Most of the tents are gone, the parks are empty and nearly 99 percent of Occupy Wall Street's 99 percenters have gone home.
But even as the occupation enters a denouement, the nationwide movement sparked in September can claim a huge victory in the battle of ideas. Occupy has spoken, and Americans have listened.
Subjects that were largely taboo on Wall Street, Main Street and Pennsylvania Avenue just six months ago have moved to center stage. Higher taxes on the wealthiest Americans. Capping the cost of higher education. Corporate greed.
Steve Jobs, the "pioneer of digital music" who brought us the iPod, listened to vinyl records when he was at home because the quality of the sound is better than current digital formats can produce, rock 'n' roll legend Neil Young said Tuesday.
Florida primary voters handed Mitt Romney a resounding victory on Tuesday. But other GOP candidates declared that they are staying in the race. And President Obama has been busy raising money and trying to energize his base. Host Michel Martin talks about the latest election news with politicos Corey Ealons and Mario Loyola.
Now, we'd like to focus on another political battle that could influence the general elections in November. Voter ID laws. Thirty-one states have either introduced or tightened voter requirements in recent months. Fifteen of those states have made it mandatory to show government-issued photo ID before casting a ballot. So what's the big deal, you say?
Communist Party activists in Moscow campaign on Dec. 2 for the party's candidates in parliamentary elections. The Russian Communist Party is hoping to capitalize on a wave of dissatisfaction with Prime Minister Vladimir Putin and his ruling United Russia party.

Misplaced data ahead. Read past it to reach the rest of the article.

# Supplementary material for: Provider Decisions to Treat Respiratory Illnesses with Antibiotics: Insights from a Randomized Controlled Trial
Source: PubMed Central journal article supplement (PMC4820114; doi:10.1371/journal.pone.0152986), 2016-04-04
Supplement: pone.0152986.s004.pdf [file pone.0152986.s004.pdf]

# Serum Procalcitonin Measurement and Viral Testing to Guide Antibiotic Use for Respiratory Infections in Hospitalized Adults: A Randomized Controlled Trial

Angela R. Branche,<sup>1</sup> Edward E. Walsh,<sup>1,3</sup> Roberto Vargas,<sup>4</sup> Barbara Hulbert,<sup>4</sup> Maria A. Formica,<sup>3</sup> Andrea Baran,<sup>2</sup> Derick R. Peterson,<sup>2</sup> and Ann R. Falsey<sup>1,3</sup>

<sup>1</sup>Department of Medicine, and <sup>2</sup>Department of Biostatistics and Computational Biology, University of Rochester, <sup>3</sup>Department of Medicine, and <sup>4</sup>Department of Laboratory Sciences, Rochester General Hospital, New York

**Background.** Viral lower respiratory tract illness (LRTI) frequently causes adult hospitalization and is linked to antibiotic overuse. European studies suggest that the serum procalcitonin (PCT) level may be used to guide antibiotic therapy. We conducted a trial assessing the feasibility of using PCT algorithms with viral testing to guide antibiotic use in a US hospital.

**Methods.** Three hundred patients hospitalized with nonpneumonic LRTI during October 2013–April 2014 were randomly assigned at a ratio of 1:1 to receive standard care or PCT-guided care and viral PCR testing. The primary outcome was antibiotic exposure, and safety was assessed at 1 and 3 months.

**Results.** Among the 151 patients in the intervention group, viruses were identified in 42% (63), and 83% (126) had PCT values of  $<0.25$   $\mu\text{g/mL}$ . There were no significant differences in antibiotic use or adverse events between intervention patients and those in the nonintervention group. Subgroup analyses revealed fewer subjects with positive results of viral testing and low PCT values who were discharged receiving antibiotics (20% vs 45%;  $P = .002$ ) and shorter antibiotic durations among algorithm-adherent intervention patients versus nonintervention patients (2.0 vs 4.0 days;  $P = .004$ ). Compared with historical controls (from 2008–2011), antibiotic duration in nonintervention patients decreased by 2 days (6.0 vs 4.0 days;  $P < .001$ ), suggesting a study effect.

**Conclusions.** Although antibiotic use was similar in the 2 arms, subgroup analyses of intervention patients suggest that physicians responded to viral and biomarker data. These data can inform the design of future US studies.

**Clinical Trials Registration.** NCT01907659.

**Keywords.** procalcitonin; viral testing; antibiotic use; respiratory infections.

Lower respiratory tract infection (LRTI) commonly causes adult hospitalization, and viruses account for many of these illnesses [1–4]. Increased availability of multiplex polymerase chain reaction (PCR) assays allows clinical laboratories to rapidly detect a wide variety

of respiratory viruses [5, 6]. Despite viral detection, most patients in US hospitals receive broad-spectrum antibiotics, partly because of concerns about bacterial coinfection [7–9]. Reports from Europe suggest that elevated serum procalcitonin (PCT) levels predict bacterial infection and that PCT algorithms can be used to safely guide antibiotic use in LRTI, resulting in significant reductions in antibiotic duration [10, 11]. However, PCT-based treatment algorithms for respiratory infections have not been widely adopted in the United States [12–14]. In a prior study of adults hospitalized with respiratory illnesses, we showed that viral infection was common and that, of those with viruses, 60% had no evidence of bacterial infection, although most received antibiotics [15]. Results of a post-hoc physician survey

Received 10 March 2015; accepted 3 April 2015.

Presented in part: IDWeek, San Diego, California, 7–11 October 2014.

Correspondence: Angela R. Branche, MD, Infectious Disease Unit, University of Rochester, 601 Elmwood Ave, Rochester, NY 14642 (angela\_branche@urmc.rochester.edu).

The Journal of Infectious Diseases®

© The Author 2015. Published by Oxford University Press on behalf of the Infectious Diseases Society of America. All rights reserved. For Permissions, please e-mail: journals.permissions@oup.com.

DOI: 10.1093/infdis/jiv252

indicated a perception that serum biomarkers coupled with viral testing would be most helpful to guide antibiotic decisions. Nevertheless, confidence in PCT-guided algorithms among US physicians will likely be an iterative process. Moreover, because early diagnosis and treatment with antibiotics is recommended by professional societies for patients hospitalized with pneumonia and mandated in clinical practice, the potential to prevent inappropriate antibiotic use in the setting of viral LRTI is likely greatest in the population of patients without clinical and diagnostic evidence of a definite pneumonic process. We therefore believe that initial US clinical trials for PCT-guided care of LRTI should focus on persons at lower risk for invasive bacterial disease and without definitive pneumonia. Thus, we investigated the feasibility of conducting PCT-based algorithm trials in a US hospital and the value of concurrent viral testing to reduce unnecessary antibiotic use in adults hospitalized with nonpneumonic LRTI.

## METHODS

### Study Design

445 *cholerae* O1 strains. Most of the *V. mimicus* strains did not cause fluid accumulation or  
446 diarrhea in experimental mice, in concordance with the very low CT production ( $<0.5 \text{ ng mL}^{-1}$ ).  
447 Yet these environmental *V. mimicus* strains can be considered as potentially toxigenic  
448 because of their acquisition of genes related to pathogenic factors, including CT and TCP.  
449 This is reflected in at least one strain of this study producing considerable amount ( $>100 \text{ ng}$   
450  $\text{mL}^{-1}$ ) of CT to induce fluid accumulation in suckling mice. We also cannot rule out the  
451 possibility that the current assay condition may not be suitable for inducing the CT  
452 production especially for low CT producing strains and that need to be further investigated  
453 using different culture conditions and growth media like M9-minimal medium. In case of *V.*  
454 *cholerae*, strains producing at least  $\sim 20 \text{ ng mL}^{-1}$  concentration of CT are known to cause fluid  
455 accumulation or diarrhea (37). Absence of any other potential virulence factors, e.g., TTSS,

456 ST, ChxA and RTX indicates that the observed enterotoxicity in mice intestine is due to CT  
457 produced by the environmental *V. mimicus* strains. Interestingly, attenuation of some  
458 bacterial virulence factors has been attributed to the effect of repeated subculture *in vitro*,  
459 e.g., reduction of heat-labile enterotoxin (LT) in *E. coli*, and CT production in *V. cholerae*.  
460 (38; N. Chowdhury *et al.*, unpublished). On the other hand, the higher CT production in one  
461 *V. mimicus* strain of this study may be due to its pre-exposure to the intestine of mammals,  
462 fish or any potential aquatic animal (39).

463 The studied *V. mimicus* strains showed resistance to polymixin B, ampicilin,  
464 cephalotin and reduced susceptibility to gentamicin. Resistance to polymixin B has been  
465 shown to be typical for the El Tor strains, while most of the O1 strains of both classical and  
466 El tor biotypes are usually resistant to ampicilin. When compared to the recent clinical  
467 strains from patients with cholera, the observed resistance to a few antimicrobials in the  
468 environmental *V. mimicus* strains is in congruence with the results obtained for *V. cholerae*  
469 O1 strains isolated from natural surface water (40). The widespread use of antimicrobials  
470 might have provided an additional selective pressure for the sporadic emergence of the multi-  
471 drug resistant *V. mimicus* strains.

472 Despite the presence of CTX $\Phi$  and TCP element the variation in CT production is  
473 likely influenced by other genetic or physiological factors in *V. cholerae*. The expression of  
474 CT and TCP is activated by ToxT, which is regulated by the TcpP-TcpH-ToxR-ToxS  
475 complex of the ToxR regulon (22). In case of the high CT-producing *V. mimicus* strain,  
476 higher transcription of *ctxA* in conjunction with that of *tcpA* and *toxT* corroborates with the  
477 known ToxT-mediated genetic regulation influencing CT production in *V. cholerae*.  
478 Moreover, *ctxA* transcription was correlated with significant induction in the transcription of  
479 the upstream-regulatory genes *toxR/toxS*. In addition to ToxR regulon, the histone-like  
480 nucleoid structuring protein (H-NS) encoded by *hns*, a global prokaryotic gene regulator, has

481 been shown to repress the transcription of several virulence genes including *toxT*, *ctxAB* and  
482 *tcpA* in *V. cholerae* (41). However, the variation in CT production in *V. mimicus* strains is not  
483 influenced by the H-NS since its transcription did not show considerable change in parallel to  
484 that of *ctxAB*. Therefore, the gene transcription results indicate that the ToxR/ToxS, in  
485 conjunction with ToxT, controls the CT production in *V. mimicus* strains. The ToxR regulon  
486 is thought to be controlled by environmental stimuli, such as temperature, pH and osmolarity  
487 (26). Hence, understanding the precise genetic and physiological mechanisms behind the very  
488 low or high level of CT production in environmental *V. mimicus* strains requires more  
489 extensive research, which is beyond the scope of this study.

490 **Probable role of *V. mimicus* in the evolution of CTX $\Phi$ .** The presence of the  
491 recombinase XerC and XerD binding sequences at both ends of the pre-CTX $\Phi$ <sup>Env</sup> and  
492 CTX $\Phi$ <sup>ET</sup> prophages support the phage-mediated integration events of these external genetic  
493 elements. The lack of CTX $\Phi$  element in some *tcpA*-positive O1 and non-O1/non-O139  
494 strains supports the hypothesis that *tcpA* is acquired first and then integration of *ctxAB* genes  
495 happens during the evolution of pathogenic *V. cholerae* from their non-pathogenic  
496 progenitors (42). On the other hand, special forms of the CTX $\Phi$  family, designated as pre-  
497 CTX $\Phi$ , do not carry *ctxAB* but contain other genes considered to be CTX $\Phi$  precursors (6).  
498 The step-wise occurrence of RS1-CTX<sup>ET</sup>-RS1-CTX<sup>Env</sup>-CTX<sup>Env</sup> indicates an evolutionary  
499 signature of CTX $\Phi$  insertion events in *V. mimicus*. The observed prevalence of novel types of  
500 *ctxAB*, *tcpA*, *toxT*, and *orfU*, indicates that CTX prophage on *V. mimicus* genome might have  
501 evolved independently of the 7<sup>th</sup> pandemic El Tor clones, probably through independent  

Credit Krill Kudryavtsev / AFP/Getty Images
Gennady Zyuganov, speaking at a news conference in Moscow on Jan. 26, has led the Russian Communist Party since 1993. Many younger Communists say they yearn for a more modern and flexible leader.
A snazzy new Communist Party poster shows two young, tech-savvy and attractive Russians. Both are smiling and dressed in red: The woman holds a red iPhone; the man holds a red laptop, his T-shirt emblazoned with a hammer and sickle.
An Arizona judge has deemed Alejandrina Cabrera's English language skills to be inadequate, and has struck her name from the ballot for the city council. Host Michel Martin takes a look at the election controversy in the small border town of San Luis, Arizona. She speaks with Mayor Juan Carlos Escamilla and KAWC reporter Michelle Faust.
Mitt Romney's comment Wednesday about the social safety net has already been boiled down to a quick shorthand: "I'm not concerned about the very poor." It adds to a growing collection of statements that fuel charges that he has, if nothing else, a very tin ear and is an out-of-touch member of the .01 percent.
For the fifth consecutive month, builders increased spending in December, the Commerce Department said today. The figures tempered yesterday's news that home prices in most markets tracked by the S&P/Case-Shiller index had slipped 1.3 percent in November.
With his impressive Florida win on Tuesday, Mitt Romney has re-established himself as the clear front-runner for the Republican presidential nomination. But he continues to face fervent opposition from some quarters, and a number of hurdles remain before he can claim the nomination.
Romney took just over 46 percent of the vote, while second-place finisher Newt Gingrich had nearly 32 percent.
Former Pennsylvania Sen. Rick Santorum had about 13 percent, with Texas Rep. Ron Paul at 7 percent.
Drug errors inside hospitals remain a big problem.
By one estimate, 1 in 7 hospitalized patients suffers some form of error in care. Nearly a third of those mistakes are related to drugs. And those mix-ups can lead to longer hospital stays, unnecessary suffering, permanent damage or death.